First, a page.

<> No analysis to confirm the benefit each property owner would receive from having access to municipal water. Such an analysis could justify or dispute the $16,500 per-property-assessment each land owner would be required to pay.

<> One of the water district commissioners who voted to move ahead with the LID at the Feb. 15 meeting was Robert Jankelson, a “board member with a significant conflict of financial interest,” the letter says, because his own parcels totaling nearly 127 acres fall within the proposed LID area and stand to benefit. Jankelson owns Tsillan Cellars winery. He has since resigned from the water board.

<> The relatively few property owners who support the proposed LID appear to hold so much land that all the many other property owners combined couldn’t make up the 40 percent land mass necessary to reject the LID.

 Peterson says he hasn’t yet read Zimmerman’s letter, but procedural errors are an easy fix.

From my perspective… what’s more important are the merits of the situation,” Peterson said. “It shows the difference between a municipal perception and the public perception. Water districts exist to pursue water pipe resource solutions for an area. At some point, it’s all going to be interconnected and served by a municipal system. It’s just a question of when.”

The district is trying to stay ahead of the eventual need for municipal water by doing its annexation and extending municipal water now, before the area becomes more developed, the need for water increases and costs to install a water line are much higher.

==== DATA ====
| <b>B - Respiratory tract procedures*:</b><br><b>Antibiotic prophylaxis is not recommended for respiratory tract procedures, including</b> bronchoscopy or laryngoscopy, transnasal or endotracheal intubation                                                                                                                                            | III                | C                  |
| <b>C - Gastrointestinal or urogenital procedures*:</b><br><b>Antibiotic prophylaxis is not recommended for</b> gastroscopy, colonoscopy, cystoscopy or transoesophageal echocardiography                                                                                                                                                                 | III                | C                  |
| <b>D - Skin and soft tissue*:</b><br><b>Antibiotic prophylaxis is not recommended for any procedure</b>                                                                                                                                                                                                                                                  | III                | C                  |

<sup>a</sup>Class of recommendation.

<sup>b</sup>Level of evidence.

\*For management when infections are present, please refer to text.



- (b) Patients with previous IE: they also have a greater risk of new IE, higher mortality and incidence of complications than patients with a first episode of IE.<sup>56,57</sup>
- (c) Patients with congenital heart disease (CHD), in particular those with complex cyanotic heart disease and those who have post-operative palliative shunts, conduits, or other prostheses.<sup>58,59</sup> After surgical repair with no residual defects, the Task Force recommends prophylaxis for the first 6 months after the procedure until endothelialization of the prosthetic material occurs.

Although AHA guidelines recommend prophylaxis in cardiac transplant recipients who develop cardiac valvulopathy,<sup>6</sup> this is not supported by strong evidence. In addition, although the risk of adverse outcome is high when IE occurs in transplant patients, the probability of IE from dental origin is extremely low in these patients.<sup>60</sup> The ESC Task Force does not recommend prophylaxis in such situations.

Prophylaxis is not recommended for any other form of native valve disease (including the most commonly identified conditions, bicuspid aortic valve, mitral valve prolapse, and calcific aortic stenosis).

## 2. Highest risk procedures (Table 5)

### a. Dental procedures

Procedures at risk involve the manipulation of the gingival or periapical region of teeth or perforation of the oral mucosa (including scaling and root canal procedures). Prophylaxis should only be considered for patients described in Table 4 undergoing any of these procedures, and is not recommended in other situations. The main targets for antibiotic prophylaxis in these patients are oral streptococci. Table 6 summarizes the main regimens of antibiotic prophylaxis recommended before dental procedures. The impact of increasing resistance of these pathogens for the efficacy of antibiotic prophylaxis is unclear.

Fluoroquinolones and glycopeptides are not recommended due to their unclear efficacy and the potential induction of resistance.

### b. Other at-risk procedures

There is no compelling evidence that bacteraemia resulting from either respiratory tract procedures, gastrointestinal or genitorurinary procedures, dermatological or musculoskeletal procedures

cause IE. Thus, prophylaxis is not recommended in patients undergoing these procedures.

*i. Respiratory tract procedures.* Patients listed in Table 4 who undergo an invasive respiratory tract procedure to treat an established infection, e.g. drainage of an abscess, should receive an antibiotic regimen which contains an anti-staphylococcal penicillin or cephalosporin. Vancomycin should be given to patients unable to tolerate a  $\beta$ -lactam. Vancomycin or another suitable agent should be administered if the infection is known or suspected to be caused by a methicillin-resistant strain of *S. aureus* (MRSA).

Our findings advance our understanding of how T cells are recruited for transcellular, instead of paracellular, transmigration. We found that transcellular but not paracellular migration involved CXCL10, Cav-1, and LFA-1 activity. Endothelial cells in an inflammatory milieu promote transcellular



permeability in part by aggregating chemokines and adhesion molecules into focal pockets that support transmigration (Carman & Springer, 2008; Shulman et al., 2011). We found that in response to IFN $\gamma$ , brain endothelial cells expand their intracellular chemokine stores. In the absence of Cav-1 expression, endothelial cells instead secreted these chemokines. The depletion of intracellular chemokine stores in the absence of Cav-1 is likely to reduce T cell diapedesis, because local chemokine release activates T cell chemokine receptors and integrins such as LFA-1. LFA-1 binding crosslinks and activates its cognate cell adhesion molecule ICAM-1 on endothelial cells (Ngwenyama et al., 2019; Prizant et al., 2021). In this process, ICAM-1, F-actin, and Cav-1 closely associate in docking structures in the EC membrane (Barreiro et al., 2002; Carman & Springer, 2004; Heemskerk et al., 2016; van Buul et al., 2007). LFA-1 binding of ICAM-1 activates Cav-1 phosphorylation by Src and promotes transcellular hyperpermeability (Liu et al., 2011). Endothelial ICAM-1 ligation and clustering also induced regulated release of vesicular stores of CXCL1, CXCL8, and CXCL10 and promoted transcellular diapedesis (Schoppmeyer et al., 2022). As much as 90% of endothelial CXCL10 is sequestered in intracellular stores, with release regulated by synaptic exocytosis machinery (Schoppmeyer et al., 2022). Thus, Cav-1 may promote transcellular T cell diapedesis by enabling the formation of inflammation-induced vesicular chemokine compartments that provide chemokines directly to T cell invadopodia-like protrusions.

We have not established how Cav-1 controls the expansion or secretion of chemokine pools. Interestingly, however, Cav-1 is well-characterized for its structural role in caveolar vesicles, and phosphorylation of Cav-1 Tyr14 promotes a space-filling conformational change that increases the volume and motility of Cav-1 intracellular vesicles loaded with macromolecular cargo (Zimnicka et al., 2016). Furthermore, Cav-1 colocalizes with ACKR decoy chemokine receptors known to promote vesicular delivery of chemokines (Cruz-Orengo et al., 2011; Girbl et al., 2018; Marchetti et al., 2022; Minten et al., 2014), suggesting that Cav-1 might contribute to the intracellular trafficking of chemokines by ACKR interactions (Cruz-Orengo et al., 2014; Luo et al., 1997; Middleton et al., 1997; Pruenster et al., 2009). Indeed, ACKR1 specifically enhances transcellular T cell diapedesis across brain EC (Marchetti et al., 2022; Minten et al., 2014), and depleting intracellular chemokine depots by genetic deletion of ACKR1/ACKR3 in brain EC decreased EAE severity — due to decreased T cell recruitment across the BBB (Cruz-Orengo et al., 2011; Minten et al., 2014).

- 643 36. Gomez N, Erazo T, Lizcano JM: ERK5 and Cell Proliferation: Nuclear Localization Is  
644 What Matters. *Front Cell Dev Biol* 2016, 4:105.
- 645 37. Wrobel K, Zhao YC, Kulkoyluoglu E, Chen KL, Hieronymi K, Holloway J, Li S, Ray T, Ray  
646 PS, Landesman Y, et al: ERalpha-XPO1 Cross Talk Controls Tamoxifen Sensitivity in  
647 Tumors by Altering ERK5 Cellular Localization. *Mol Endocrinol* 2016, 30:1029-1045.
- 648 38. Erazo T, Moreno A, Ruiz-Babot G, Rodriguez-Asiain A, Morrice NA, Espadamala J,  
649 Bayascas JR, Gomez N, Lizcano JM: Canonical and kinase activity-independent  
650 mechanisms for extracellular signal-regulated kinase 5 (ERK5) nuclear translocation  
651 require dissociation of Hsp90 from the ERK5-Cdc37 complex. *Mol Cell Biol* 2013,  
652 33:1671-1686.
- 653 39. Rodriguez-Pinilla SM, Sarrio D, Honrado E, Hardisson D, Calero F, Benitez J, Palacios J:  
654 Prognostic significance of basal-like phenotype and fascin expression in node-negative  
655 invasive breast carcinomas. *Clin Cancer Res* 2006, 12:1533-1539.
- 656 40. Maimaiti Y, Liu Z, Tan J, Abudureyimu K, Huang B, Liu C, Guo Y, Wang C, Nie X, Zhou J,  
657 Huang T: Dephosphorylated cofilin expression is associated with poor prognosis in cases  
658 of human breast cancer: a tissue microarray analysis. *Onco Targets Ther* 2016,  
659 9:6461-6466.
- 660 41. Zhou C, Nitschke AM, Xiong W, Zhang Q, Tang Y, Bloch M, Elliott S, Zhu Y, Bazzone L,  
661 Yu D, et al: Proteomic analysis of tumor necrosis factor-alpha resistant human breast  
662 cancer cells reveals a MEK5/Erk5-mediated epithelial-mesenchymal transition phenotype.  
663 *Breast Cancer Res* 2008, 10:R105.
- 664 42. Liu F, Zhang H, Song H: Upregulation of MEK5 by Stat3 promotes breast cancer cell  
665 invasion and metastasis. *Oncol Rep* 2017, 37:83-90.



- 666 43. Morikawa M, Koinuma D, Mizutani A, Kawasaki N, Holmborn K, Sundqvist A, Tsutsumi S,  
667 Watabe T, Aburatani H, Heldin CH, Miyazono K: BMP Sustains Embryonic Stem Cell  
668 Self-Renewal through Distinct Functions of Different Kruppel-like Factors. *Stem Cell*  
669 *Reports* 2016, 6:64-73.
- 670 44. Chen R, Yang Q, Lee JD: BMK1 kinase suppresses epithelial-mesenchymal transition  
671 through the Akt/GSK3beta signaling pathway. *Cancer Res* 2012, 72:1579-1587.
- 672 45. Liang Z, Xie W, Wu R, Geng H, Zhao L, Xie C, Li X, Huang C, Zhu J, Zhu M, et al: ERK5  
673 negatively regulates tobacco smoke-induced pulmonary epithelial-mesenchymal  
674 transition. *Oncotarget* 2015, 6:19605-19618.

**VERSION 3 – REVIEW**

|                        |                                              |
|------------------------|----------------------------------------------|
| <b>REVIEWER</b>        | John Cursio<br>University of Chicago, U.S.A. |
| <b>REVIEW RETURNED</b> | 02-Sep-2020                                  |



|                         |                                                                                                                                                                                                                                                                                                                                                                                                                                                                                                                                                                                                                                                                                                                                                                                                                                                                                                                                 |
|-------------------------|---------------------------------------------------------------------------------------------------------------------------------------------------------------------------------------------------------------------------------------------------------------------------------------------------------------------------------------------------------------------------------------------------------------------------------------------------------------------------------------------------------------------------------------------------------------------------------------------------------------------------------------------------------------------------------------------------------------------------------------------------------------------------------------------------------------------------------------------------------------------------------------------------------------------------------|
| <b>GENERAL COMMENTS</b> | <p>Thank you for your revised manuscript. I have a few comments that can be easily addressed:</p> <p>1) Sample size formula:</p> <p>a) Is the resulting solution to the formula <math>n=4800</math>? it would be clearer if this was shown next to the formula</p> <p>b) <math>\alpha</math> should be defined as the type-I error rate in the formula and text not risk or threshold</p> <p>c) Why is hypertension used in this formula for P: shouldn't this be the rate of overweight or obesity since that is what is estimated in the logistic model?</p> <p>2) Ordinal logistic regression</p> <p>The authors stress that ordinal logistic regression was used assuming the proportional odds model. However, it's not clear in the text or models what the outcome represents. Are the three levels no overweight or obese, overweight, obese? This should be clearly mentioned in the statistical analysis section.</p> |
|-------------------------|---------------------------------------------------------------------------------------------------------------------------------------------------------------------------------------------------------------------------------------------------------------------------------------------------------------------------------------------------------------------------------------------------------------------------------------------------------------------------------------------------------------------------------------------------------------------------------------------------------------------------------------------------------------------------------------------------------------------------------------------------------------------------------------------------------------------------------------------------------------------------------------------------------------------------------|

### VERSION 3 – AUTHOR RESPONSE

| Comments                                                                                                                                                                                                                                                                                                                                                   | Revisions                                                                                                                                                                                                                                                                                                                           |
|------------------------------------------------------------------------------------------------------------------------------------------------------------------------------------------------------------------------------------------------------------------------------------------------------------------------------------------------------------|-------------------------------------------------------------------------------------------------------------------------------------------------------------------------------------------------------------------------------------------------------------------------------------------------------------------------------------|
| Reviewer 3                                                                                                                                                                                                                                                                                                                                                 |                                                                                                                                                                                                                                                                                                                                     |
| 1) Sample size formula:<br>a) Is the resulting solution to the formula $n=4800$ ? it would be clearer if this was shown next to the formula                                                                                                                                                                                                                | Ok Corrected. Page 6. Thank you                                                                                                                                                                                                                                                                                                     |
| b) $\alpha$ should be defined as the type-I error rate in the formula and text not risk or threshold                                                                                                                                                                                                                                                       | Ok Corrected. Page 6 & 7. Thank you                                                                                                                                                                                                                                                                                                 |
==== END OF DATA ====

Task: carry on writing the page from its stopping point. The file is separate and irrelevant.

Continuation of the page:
It’s in the process of trying to create two other LIDs to serve other areas poised for residential development. Property owners in one of those areas, Hawks Meadow, have already rejected the LID due to perceived high cost.

A typical property owner, Peterson says, doesn’t look that far into the future, he said.

Equity problems exist no matter the calculation used to figure how much each property owner should be assessed to cover the installation costs of a new water line.

Small water districts with limited resources like Bear Mountain typically talk to area real estate agents and other land evaluators to informally determine the value added by a major water project. This differs from a more formal analysis of added value that cities or better-funded agencies might perform, he said.

On former commissioner Jankelson’s conflict of interest, Peterson added, “His track record is a mile wide and he’s already got what he needs — water, fire protection. His property is fully developed as a winery under a business model that doesn’t appear as if it would take advantage of subdivisions.”

The water district’s decision to move ahead with the LID necessitated mailing letters describing the plan and asking for feedback from all affected property owners.

The feedback letters have been overwhelmingly opposed to the LID, Peterson said, adding that many of them contain thoughtful reasoning that water district commissioners may not otherwise have considered. The public comment period ended April 8.

The municipal side of me is dead certain that this is the right time to do it,” Peterson said of extending the water line. “But individual circumstances could make it entirely inappropriate for them (individual property owners). The public hearings were rather poignant to me in driving home that difference in perspective.”


Reach Christine Pratt at 509-665-1173 or . Follow her on Twitter at @CPrattWW.